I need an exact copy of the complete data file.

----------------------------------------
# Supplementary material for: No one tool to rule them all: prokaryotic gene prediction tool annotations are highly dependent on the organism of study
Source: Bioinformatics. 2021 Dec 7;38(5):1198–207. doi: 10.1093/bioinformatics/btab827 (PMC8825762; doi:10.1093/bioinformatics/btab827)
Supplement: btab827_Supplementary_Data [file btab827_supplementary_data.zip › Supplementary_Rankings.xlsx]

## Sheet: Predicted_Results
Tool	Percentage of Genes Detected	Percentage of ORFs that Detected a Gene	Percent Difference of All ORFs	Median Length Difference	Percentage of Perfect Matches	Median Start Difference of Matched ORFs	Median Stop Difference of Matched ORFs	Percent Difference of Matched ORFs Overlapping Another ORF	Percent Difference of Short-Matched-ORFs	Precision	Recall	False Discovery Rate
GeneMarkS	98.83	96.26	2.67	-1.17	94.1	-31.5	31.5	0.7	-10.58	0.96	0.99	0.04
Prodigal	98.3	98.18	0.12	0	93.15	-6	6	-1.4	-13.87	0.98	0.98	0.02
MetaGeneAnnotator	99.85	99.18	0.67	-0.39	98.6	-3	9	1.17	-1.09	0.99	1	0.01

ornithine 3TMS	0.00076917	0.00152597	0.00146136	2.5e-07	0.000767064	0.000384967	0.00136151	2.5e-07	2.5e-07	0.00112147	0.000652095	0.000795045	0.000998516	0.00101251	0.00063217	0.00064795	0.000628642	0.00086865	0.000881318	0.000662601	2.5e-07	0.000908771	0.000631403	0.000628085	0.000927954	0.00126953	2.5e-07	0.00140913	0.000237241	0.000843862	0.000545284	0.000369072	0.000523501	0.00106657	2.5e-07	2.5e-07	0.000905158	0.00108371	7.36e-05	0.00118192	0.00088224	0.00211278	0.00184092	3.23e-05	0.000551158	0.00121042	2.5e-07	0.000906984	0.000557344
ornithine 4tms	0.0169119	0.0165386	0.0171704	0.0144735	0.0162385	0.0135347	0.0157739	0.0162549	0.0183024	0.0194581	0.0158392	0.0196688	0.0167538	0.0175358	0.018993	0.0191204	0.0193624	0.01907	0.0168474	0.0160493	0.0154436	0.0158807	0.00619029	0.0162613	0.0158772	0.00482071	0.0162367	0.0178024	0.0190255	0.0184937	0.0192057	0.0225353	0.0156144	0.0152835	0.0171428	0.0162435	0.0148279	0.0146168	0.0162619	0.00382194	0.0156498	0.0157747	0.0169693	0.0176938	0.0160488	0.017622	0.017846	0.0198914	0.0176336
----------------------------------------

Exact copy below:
# Supplementary material for: No one tool to rule them all: prokaryotic gene prediction tool annotations are highly dependent on the organism of study
Source: Bioinformatics. 2021 Dec 7;38(5):1198–207. doi: 10.1093/bioinformatics/btab827 (PMC8825762; doi:10.1093/bioinformatics/btab827)
Supplement: btab827_Supplementary_Data [file btab827_supplementary_data.zip › Supplementary_Rankings.xlsx]

## Sheet: Predicted_Results
Tool	Percentage of Genes Detected	Percentage of ORFs that Detected a Gene	Percent Difference of All ORFs	Median Length Difference	Percentage of Perfect Matches	Median Start Difference of Matched ORFs	Median Stop Difference of Matched ORFs	Percent Difference of Matched ORFs Overlapping Another ORF	Percent Difference of Short-Matched-ORFs	Precision	Recall	False Discovery Rate
GeneMarkS	98.83	96.26	2.67	-1.17	94.1	-31.5	31.5	0.7	-10.58	0.96	0.99	0.04
Prodigal	98.3	98.18	0.12	0	93.15	-6	6	-1.4	-13.87	0.98	0.98	0.02
MetaGeneAnnotator	99.85	99.18	0.67	-0.39	98.6	-3	9	1.17	-1.09	0.99	1	0.01

ornithine 3TMS	0.00076917	0.00152597	0.00146136	2.5e-07	0.000767064	0.000384967	0.00136151	2.5e-07	2.5e-07	0.00112147	0.000652095	0.000795045	0.000998516	0.00101251	0.00063217	0.00064795	0.000628642	0.00086865	0.000881318	0.000662601	2.5e-07	0.000908771	0.000631403	0.000628085	0.000927954	0.00126953	2.5e-07	0.00140913	0.000237241	0.000843862	0.000545284	0.000369072	0.000523501	0.00106657	2.5e-07	2.5e-07	0.000905158	0.00108371	7.36e-05	0.00118192	0.00088224	0.00211278	0.00184092	3.23e-05	0.000551158	0.00121042	2.5e-07	0.000906984	0.000557344
ornithine 4tms	0.0169119	0.0165386	0.0171704	0.0144735	0.0162385	0.0135347	0.0157739	0.0162549	0.0183024	0.0194581	0.0158392	0.0196688	0.0167538	0.0175358	0.018993	0.0191204	0.0193624	0.01907	0.0168474	0.0160493	0.0154436	0.0158807	0.00619029	0.0162613	0.0158772	0.00482071	0.0162367	0.0178024	0.0190255	0.0184937	0.0192057	0.0225353	0.0156144	0.0152835	0.0171428	0.0162435	0.0148279	0.0146168	0.0162619	0.00382194	0.0156498	0.0157747	0.0169693	0.0176938	0.0160488	0.017622	0.017846	0.0198914	0.0176336